#848 – Dick Bernard: "Vatigate" on PBS Front Line
We just watched a powerful hour and a half about the Catholic Church – my lifelong Church – on PBS’ Frontline.
Do take the time. You can watch Secrets of the Vatican here.
I will comment later.
UPDATE: Sunday, March 2, 2014
A week ago, prior to knowing that this program would play, came an unusual announcement at my Church, Basilica of St. Mary in Minneapolis. Next Sunday (today), it was announced, was the day of the Annual Catholic Appeal, a long-standing program to raise funds for certain programs, like helping Catholic Schools and the like. Very normal. What was unusual is that the Priest emphasized that this year a specific Foundation had been set up to receive donations so that 100% of the funds would go to the appeal. Trust in the Archdiocese by potential givers is apparently perceived to be low, and they wished to create a firewall of sorts to assure contributors that donations would not be used for other purposes.
Later in the week, the Diocesan paper, The Catholic Spirit, made the same declaration, and today it was repeated again.
How much, if anything, Frontline had to do with this is unknown to me. But it certainly had to have been known as an upcoming event.
We watched the entire Frontline program, and it was indeed compelling.
At the same time, I viewed it from the context of having been an advocate for teachers for an entire career.
Mischief can be made with how data and images are used.
I recall a pretty successful attempt to demonize teacher unions (my own career) by making examples of outrageous teachers who, it was suggested, couldn’t be fired. These few bad examples were made to misrepresent the entire profession, and the union to which they belonged.
In a country with several million public school teachers organized into teacher unions, it is absolutely certain that there will be bad apples somewhere in the batch.
But do they represent the entirety of the profession?
And do they at least qualify for due process? Of course.
With this in mind, I watched the kinds of incidents that were the focus of Frontline; what kind of film clips were used, and how often these clips appeared; who spoke and what they said….
Doubtless the program was “fact” based, but was it objective? That is not so sure.
It is possible to cherry pick facts to create a story that is not, in fact, truthful.
And as we who still go to Church know, the Catholic Church, like any institution anywhere, is a complex institution, and it is no more fair to typecast it on the basis of some truly outrageous incidents and people who might in reality be aberrations, rather than representative of the whole.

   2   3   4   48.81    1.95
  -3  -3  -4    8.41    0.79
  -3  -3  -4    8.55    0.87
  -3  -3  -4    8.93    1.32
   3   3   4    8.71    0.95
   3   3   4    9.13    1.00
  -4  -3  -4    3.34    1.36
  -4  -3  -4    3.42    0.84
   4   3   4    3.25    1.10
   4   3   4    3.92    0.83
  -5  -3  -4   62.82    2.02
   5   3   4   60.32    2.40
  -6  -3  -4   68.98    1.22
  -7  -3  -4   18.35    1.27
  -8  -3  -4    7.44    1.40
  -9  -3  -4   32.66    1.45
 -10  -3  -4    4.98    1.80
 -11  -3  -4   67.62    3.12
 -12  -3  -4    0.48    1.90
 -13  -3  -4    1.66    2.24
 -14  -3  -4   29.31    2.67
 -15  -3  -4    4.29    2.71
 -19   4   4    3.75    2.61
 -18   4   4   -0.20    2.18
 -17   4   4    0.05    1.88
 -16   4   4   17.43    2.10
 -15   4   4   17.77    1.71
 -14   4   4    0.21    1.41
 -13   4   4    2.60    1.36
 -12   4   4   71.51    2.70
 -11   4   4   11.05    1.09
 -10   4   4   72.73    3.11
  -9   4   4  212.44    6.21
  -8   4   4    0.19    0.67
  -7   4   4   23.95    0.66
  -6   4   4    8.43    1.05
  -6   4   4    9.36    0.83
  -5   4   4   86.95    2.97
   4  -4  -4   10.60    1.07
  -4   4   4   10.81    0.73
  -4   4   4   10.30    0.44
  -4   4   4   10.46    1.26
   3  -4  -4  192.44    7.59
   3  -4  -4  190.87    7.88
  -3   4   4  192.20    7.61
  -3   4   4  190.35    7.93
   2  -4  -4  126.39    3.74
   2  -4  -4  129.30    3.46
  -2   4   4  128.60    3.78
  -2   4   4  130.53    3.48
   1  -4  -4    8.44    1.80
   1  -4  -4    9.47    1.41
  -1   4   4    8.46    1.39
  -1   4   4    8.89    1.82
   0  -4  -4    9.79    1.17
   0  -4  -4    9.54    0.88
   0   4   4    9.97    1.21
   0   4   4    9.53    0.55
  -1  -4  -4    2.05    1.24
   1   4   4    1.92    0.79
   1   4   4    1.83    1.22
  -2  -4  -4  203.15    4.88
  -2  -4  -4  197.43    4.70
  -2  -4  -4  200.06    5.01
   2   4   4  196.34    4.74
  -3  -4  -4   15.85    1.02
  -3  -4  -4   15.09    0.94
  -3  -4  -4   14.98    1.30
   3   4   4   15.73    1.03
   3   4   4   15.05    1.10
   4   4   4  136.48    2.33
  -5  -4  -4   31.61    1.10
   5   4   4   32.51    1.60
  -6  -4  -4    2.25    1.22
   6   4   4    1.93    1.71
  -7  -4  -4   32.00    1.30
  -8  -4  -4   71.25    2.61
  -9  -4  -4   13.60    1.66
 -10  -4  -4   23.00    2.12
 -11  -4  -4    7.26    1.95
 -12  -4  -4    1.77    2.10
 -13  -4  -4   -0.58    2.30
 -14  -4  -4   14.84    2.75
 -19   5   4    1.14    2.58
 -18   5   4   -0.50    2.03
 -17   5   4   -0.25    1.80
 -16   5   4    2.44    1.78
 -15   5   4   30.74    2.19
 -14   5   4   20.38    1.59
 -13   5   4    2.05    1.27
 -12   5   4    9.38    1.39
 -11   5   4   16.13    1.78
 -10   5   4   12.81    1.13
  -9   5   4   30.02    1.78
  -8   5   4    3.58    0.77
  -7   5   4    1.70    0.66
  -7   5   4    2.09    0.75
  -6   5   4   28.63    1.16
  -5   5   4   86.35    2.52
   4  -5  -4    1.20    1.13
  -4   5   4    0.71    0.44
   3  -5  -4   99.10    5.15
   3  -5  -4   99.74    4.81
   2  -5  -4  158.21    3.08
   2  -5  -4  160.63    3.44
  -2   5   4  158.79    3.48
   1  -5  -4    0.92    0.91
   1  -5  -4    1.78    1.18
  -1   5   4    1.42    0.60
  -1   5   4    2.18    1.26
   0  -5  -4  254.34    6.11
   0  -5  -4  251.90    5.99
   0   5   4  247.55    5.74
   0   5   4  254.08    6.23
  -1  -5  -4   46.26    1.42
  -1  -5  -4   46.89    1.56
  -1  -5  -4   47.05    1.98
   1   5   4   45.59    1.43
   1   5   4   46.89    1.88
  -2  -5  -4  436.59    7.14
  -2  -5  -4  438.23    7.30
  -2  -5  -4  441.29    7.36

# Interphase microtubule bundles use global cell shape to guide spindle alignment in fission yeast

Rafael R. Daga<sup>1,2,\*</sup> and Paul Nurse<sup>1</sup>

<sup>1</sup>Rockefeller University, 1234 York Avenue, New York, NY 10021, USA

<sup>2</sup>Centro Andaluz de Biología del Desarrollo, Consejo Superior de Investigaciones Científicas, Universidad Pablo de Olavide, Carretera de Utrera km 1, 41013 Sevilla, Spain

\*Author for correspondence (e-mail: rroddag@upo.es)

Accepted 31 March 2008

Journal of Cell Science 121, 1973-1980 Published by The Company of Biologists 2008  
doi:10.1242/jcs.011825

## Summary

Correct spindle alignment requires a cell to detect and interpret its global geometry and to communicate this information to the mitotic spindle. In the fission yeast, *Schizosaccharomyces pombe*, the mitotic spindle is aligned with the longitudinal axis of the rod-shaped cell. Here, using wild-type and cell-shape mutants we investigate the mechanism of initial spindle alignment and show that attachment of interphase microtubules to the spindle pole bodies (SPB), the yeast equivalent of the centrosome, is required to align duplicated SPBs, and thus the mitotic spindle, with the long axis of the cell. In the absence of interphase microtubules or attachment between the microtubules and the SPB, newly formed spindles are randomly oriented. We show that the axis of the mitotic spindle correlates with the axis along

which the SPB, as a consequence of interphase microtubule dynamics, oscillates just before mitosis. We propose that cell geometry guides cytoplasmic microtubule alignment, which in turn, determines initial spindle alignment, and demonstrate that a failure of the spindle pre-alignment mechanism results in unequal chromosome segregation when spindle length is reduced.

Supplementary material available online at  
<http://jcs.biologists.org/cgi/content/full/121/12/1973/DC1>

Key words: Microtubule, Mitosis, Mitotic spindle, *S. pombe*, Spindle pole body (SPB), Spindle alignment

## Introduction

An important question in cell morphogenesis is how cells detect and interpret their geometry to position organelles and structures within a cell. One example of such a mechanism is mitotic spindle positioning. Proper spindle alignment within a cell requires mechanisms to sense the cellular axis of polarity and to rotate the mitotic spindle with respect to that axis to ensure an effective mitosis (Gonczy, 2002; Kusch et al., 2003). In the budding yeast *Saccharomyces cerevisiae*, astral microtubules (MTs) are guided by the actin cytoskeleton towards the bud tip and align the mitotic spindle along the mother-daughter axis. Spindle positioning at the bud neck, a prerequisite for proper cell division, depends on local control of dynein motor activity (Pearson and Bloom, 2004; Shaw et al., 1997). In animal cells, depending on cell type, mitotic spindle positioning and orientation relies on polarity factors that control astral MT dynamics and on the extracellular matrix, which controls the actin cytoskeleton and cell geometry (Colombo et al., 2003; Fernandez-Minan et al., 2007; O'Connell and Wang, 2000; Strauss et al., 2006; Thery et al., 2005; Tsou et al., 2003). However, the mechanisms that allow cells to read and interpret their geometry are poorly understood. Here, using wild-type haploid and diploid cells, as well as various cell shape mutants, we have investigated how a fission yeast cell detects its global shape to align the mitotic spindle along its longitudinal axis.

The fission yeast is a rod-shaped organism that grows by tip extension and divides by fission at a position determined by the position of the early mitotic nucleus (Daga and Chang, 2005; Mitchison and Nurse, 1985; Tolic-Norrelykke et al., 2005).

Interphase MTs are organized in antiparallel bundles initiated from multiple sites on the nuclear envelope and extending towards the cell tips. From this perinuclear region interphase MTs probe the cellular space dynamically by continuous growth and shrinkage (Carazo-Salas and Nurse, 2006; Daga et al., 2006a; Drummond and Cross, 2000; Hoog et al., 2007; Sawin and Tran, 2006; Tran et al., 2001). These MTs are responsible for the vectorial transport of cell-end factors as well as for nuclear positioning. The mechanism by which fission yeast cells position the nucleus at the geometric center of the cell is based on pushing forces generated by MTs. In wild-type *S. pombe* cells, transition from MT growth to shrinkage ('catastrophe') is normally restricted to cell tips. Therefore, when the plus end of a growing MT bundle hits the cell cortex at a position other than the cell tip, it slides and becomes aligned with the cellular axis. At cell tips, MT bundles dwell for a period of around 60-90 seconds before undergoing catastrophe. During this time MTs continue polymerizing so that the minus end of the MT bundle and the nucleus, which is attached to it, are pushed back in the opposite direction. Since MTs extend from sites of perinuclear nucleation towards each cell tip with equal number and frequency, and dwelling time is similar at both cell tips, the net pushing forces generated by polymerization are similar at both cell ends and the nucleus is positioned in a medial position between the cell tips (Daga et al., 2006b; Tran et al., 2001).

I have no problem with exposes, but there has to be better context.
The importance of the new Pope to me is that he can, and apparently is, working quietly but publicly to change the tone of leadership ‘at the top’.
This doesn’t mean that his predecessors were evil people.
What it might mean is that things they let fall through the cracks, or may not have felt were important, were crucial oversights, and have created the black-eye that my diocese and the Vatican itself has to deal with.
UPDATE Tuesday March 4, 2014 viewing the film, Philomena:
This afternoon we finally took the time to see the film, Philomena, the extraordinarily powerful film about the efforts of an older woman to find her out-of-wedlock son who had been taken from her at birth at a Convent in Ireland, and was later adopted by Americans.
If you’re one of those who’s been curious about this film, but have not yet seen it, take the time.
Philomena lays out the complexities of humanity, and indeed the dangers of labeling a larger group (say “church” or “nation”) without regarding the individual parts of a whole: the people themselves, at various stages in their own lives.
Life is not simple.
Personally, as I watched, I kept thinking of a statement I had made to a friend a few days ago on the occasion of the 10th anniversary of the overthrow of the democratically elected government of Haiti.
I had been there before the coup, and met several people who were adversely affected, some murdered, or character assassinated or imprisoned for one reason or another, including alleged personal failings.
I remarked, in an e-mail to my friend: “we all have our public, and private, and hidden, lives, I suppose” as simply a general caution, including to myself.
As Philomena and the others portrayed in the film demonstrated powerfully, each of us have our own aspects, unique, and changing over time and circumstance.
Judging becomes risky, but at the same time is unavoidable, and sometimes justified.
See Philomena if you can. You won’t regret it.
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